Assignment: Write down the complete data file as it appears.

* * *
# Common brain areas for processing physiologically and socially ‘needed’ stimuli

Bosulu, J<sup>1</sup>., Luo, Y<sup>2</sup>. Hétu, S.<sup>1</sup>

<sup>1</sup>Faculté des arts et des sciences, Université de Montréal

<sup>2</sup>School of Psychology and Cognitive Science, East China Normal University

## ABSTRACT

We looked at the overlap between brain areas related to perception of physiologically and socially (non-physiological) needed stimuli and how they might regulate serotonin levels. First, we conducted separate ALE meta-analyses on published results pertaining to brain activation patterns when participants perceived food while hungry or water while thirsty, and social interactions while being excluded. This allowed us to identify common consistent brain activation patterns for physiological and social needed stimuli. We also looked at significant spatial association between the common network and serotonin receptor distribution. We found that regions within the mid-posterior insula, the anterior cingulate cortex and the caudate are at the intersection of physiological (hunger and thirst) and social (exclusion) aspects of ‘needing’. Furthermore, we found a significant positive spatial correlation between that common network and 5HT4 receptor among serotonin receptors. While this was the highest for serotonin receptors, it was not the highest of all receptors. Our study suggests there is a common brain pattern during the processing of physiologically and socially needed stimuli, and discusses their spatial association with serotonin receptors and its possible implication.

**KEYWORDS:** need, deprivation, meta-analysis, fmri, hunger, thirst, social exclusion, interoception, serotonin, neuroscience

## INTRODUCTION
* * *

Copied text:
# Common brain areas for processing physiologically and socially ‘needed’ stimuli

Bosulu, J<sup>1</sup>., Luo, Y<sup>2</sup>. Hétu, S.<sup>1</sup>

<sup>1</sup>Faculté des arts et des sciences, Université de Montréal

<sup>2</sup>School of Psychology and Cognitive Science, East China Normal University

## ABSTRACT

We looked at the overlap between brain areas related to perception of physiologically and socially (non-physiological) needed stimuli and how they might regulate serotonin levels. First, we conducted separate ALE meta-analyses on published results pertaining to brain activation patterns when participants perceived food while hungry or water while thirsty, and social interactions while being excluded. This allowed us to identify common consistent brain activation patterns for physiological and social needed stimuli. We also looked at significant spatial association between the common network and serotonin receptor distribution. We found that regions within the mid-posterior insula, the anterior cingulate cortex and the caudate are at the intersection of physiological (hunger and thirst) and social (exclusion) aspects of ‘needing’. Furthermore, we found a significant positive spatial correlation between that common network and 5HT4 receptor among serotonin receptors. While this was the highest for serotonin receptors, it was not the highest of all receptors. Our study suggests there is a common brain pattern during the processing of physiologically and socially needed stimuli, and discusses their spatial association with serotonin receptors and its possible implication.

**KEYWORDS:** need, deprivation, meta-analysis, fmri, hunger, thirst, social exclusion, interoception, serotonin, neuroscience

## INTRODUCTION